In March 2022, President Biden signed a new bill that ends forced arbitration of sexual assault and harassment claims. Now, employers throughout the country may no longer require employees to arbitrate claims of sexual harassment or sexual assault. The new law is effective for claims that arise or accrue on or after the date the bill was enacted, or March 3, 2022. Employees may not, however, re-open claims that have already been arbitrated.
Many employees have signed employment agreements containing the usual language requiring all employees to waive their rights to join in a class action lawsuit and to arbitrate any disputes they may have with the employer. Such agreements take away employees’ right to trial by a jury of their peers: in arbitration, an attorney typically is the finder of fact. Under this new law, employees with sexual harassment and sexual assault claims are not required to use arbitration as a method to prove a claim but will have the ability to try their cases in open court.
This is seen as a win for workers, but how the law will work is unclear. Texas law strongly favors enforcement of employment agreements. The new law is extremely limited in scope, and sexual harassment and sexual assault claims are often coupled with complaints of retaliation, salary discrimination, racial or ethnic discrimination, breach of contract, and unjust termination. A Black woman may be harassed both because she is a woman and because she is Black. Claims that are not strictly sexually based might still have to be arbitrated, which could make things complicated.
Our Texas Employment Lawyers Have Answers About Sexual Harassment and Sexual Assault
If you have experienced sexual harassment, sexual assault, discrimination, or termination at work or any other form of workplace dispute, reach out to our experienced employment lawyers. Do not suffer in silence. Find relief. Get justice. Click here, fill out and submit the form Contact Kilgore & Kilgore. We will call you. Or you can call us at (214) 949-9099. For information about our legal work in combatting sexual harassment in the workplace, visit this link Protect Your Dignity. For a wider view of our employment law practice click this link Employment Law. We look forward to collaborating with you.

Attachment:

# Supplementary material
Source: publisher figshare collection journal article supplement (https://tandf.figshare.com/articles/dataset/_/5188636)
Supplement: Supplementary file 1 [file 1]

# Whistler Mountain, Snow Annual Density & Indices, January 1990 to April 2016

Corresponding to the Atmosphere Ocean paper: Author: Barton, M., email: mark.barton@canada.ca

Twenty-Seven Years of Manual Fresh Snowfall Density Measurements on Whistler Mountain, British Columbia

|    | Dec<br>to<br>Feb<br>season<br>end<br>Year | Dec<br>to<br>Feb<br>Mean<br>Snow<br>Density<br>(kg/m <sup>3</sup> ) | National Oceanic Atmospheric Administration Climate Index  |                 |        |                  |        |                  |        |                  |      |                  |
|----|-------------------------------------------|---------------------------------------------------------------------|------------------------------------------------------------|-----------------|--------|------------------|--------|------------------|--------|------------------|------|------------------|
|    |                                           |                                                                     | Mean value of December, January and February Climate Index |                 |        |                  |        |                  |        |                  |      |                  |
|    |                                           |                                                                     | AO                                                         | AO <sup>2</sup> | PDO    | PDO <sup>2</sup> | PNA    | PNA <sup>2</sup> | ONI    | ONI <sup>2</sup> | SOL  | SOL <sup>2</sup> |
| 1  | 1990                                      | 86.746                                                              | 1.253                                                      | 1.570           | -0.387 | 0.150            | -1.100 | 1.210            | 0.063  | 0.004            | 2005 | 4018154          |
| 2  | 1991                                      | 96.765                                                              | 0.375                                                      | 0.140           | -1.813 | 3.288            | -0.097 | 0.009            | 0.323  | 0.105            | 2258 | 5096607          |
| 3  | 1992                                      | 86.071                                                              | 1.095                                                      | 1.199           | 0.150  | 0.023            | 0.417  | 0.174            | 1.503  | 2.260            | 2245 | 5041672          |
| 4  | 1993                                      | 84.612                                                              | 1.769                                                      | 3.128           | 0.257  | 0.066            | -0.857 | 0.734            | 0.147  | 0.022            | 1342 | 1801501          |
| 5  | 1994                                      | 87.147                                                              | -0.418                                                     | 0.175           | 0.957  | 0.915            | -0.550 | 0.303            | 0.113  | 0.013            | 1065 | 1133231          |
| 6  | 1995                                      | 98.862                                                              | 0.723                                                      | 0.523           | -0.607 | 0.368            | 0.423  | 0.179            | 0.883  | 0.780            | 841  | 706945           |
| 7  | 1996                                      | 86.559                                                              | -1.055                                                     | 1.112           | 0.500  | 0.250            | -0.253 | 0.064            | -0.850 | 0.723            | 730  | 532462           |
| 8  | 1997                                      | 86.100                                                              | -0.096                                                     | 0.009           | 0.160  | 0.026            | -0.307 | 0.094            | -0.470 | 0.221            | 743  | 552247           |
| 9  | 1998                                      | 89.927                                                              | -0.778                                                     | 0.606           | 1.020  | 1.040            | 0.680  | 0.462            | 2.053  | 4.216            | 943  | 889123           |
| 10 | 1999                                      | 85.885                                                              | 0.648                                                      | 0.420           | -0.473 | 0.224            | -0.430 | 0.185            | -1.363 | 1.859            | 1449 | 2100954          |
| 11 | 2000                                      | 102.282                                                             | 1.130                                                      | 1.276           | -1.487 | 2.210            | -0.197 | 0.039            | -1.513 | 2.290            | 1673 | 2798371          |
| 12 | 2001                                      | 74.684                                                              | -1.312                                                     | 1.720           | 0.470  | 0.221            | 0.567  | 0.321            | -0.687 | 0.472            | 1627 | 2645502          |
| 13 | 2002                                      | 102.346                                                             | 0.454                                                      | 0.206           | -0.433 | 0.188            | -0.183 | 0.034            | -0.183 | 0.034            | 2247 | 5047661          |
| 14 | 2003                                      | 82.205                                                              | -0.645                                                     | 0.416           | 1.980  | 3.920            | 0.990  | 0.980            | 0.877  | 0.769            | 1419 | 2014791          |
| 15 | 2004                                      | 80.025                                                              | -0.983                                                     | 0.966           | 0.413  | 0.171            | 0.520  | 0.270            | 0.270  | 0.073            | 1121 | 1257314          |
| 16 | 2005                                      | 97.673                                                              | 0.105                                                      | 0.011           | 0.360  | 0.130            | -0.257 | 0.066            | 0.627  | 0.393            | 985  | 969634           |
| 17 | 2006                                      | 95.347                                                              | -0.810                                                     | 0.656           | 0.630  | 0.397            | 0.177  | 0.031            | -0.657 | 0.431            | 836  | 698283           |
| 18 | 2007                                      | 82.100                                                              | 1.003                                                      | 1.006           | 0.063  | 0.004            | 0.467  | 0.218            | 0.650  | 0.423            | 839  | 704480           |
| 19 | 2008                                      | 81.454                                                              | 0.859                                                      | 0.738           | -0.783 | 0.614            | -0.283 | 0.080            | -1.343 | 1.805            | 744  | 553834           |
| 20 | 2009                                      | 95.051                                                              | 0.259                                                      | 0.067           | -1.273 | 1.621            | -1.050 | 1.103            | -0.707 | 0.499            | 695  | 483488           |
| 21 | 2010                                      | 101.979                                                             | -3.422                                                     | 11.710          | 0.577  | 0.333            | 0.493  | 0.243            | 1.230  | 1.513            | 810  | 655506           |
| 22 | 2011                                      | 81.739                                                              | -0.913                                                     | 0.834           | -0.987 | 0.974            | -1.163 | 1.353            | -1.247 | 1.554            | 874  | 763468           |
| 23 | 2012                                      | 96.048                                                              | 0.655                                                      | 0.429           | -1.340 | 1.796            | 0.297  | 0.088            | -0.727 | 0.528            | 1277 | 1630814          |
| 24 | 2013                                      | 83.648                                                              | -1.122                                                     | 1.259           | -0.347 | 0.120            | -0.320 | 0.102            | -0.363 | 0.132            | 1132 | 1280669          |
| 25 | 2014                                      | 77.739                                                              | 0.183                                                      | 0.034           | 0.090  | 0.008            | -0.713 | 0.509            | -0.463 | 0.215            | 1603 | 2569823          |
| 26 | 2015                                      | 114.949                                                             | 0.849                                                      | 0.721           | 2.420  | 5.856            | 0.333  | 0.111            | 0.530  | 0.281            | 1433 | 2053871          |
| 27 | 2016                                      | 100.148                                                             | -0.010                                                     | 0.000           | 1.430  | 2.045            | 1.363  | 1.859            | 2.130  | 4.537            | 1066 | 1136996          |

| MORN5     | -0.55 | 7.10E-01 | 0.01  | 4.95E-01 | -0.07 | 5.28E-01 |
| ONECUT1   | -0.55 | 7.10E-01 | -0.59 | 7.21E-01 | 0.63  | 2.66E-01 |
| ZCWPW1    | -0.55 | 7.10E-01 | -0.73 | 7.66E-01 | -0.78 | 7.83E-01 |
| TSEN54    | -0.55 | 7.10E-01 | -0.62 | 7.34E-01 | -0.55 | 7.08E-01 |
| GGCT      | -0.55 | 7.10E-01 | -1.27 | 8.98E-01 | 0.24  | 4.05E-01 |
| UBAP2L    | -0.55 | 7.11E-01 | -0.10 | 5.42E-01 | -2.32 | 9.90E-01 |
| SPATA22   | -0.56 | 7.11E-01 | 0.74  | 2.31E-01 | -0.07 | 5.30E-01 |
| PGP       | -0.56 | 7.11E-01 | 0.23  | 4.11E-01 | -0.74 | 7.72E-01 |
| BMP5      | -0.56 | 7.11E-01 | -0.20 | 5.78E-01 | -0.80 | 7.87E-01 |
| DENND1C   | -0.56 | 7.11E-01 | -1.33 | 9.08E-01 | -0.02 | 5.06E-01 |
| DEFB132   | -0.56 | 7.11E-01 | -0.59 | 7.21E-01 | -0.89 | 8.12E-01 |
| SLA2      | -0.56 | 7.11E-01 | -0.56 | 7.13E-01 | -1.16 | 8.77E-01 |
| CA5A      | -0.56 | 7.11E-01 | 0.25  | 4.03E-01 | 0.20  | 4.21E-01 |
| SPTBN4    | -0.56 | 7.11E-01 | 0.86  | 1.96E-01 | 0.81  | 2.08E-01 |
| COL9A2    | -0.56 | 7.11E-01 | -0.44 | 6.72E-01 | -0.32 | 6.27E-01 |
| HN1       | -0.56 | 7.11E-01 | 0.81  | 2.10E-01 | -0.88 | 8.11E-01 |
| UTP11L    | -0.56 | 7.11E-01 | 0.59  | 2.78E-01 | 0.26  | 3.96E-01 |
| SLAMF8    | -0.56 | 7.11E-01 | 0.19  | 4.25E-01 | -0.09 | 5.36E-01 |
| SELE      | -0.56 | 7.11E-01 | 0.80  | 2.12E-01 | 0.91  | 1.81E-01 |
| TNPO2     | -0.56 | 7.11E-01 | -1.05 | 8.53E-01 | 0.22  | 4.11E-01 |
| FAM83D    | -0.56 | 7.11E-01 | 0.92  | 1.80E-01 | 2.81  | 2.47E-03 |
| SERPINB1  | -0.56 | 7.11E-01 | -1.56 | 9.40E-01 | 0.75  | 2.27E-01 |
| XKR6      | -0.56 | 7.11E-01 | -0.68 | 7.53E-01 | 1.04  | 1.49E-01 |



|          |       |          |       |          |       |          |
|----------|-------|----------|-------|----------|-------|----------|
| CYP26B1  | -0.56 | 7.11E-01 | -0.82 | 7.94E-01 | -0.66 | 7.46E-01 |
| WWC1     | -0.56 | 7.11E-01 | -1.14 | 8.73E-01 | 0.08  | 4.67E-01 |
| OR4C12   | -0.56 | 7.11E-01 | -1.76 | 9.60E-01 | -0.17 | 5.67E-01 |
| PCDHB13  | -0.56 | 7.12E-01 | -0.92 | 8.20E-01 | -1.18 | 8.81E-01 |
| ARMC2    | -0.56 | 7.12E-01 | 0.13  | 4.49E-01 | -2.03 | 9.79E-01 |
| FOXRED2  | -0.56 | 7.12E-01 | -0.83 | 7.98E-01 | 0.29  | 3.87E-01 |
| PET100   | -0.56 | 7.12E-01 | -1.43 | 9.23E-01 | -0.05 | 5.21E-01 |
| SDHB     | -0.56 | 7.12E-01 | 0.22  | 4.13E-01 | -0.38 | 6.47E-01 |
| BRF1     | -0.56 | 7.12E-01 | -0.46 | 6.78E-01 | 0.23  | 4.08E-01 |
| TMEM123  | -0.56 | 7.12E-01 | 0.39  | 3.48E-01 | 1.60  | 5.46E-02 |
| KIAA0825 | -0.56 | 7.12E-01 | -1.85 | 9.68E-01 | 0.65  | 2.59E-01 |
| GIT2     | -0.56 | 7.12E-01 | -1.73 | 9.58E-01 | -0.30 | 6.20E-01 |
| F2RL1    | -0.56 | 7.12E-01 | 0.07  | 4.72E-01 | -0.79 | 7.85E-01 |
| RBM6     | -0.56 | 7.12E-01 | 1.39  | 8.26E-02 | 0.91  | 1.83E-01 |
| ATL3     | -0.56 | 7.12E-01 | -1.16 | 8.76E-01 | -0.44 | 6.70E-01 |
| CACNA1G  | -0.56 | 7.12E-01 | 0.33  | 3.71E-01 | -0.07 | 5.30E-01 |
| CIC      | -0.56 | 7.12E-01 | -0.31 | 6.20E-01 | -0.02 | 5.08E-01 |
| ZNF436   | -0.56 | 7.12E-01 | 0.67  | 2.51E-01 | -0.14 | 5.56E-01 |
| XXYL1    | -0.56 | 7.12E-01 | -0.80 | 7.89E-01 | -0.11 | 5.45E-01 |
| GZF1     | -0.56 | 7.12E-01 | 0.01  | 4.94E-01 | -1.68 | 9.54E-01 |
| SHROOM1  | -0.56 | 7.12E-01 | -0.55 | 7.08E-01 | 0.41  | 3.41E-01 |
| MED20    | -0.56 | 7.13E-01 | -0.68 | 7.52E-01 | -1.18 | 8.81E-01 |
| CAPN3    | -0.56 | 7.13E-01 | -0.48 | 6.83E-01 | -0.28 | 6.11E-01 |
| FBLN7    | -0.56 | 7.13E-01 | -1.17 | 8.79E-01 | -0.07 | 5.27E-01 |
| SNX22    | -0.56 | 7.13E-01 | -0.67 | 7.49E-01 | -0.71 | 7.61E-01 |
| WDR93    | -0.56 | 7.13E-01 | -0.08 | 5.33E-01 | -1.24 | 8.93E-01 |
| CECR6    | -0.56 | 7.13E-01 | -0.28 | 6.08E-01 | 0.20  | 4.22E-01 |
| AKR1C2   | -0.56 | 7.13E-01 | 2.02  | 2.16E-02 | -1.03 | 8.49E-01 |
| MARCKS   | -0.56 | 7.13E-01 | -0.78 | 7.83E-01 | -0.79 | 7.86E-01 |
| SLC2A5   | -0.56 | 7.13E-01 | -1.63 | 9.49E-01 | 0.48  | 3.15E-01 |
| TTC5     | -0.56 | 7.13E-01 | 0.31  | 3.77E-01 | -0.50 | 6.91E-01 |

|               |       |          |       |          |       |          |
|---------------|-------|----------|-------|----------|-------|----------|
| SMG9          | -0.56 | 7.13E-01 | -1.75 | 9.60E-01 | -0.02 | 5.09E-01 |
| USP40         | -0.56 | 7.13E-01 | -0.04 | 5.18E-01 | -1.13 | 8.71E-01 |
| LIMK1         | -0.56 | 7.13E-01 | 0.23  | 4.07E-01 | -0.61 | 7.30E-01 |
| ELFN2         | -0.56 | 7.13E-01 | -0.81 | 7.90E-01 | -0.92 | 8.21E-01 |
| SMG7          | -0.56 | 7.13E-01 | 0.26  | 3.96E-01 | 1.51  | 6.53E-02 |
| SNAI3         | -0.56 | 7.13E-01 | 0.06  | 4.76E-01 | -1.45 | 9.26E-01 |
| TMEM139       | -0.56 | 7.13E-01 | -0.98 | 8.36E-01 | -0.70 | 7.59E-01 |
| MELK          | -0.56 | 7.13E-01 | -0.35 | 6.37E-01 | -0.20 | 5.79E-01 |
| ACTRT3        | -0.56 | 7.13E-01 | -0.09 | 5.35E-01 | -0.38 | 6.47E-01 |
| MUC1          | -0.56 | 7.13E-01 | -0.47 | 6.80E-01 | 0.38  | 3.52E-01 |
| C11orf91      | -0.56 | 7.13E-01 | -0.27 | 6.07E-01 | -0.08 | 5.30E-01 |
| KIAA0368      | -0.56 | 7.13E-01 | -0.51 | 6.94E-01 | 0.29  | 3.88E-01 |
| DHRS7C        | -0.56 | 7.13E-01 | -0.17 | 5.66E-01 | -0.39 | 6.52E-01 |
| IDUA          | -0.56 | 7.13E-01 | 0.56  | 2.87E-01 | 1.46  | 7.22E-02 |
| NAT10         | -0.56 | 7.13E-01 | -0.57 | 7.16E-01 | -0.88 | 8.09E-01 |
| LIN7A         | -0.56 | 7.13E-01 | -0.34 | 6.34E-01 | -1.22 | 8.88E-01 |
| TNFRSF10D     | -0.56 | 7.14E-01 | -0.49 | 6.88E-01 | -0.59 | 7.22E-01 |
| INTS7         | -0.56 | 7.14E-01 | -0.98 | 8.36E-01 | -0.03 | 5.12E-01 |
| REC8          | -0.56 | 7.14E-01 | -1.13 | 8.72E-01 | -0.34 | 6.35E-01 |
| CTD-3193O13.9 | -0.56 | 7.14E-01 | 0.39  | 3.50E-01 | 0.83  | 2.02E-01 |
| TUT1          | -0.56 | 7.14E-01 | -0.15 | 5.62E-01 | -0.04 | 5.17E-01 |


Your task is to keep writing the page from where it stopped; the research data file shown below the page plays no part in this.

Sexual Activity at Work is Common
According to the EEOC, 25 to 85 percent of women report experiences of sexual harassment at work. Definitions of sexual harassment range widely and include unwanted attention, coercion, sexist and crude comments, offensive behavior, and using pornography at work. This is based just on the reported behavior. Many employees deal with sexual harassment by avoiding the harasser, denying, or downplaying the situation, ignoring, or enduring the abuse. Men who are victims of sexual harassment or assault may be reluctant to report it or seek help. Our employment lawyers put their clients first without judgement or prejudice.
Perils of Arbitration in Employee Claims
Arbitration favors employers. Instead of a hearing before a judge, arbitration takes place in private, in front of a retired judge or lawyer who is often hired by the employer. It would be reasonable to assume that an arbitrator who develops a history of employee-friendly rulings may not be hired again.
The practice of arbitration has proliferated rapidly. It is estimated that over half of non-union private sector employees have signed contracts requiring them to file all complaints through arbitration instead of the courts. Low-wage workers are especially likely to be forced to arbitrate.
Employees win in arbitration only about 20 percent of the time, compared with 60 percent who win for claims filed in court. When employees do win in arbitration, the awards are often much smaller than in court. The average award for an employee in arbitration is $23,548, compared with $143,497 in federal court and $328,008 in state court.
It is also important to recognize that while arbitration is private, it may not allow others who work for the same employer to discover that an endemic and potentially dangerous situation exists. Much of the energy behind the #MeToo movement comes from the fact that making some noise can protect other people, too.
Texas Law – One Hand Gives, but the Other Takes Away
Both Texas Labor Code Chapter 21 and Title VII of the federal Civil Rights Act protect Texas workers from employment discrimination based on sex or sexual harassment. Effective September 2021, an amendment to the existing law expanded the definition of sexual harassment, heightened the standard for an employer’s response to complaints, and placed responsibility on individuals as well as employers for failing to address sexual harassment.
On the other hand, though, in a 2016 overtime pay case, the Fifth Circuit Court of Appeals confirmed that Texas contract law favors the enforcement of arbitration agreements. This was so, even though the plaintiff oil worker had expressly refused to sign the agreement. The court reasoned that he had accepted the arbitration requirement because he continued to show up for work.
Were this a sexual harassment case from after March 2022, federal law would govern, and the plaintiff would have had a right to his day in court. But what about any other claims arising from the same employment situation? It is still too early to see Texas or state court decisions under the new law, but things could get messy.
Our Employment Lawyers Have Answers to Your Questions About Workplace Sexual Harassment
Our experienced lawyers understand how difficult it can be to deal with harassment, discrimination, violence, or any number of other unpleasant situations at work. Contact us when workplace difficulties arise. Reach out to Kilgore & Kilgore for a free review of the facts of your case. Click here to get the conversation started contact Kilgore & Kilgore.